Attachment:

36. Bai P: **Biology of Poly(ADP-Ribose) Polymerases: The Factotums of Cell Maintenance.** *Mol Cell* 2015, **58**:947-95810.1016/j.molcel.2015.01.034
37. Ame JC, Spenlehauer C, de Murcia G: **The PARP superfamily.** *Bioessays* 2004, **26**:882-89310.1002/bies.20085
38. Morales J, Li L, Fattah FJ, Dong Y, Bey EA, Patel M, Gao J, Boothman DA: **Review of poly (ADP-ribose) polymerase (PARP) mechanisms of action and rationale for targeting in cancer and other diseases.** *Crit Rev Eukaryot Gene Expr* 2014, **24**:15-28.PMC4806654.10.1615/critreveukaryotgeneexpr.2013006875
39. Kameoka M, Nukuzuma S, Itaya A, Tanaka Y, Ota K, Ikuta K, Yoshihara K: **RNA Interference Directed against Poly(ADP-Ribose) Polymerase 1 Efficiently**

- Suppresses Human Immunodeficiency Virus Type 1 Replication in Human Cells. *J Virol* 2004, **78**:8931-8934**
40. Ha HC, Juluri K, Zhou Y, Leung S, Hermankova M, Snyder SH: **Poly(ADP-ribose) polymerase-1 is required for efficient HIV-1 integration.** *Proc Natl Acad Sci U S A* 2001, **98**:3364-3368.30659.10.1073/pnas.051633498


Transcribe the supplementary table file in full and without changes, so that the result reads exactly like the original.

36. Bai P: **Biology of Poly(ADP-Ribose) Polymerases: The Factotums of Cell Maintenance.** *Mol Cell* 2015, **58**:947-95810.1016/j.molcel.2015.01.034
37. Ame JC, Spenlehauer C, de Murcia G: **The PARP superfamily.** *Bioessays* 2004, **26**:882-89310.1002/bies.20085
38. Morales J, Li L, Fattah FJ, Dong Y, Bey EA, Patel M, Gao J, Boothman DA: **Review of poly (ADP-ribose) polymerase (PARP) mechanisms of action and rationale for targeting in cancer and other diseases.** *Crit Rev Eukaryot Gene Expr* 2014, **24**:15-28.PMC4806654.10.1615/critreveukaryotgeneexpr.2013006875
39. Kameoka M, Nukuzuma S, Itaya A, Tanaka Y, Ota K, Ikuta K, Yoshihara K: **RNA Interference Directed against Poly(ADP-Ribose) Polymerase 1 Efficiently**

- Suppresses Human Immunodeficiency Virus Type 1 Replication in Human Cells. *J Virol* 2004, **78**:8931-8934**
40. Ha HC, Juluri K, Zhou Y, Leung S, Hermankova M, Snyder SH: **Poly(ADP-ribose) polymerase-1 is required for efficient HIV-1 integration.** *Proc Natl Acad Sci U S A* 2001, **98**:3364-3368.30659.10.1073/pnas.051633498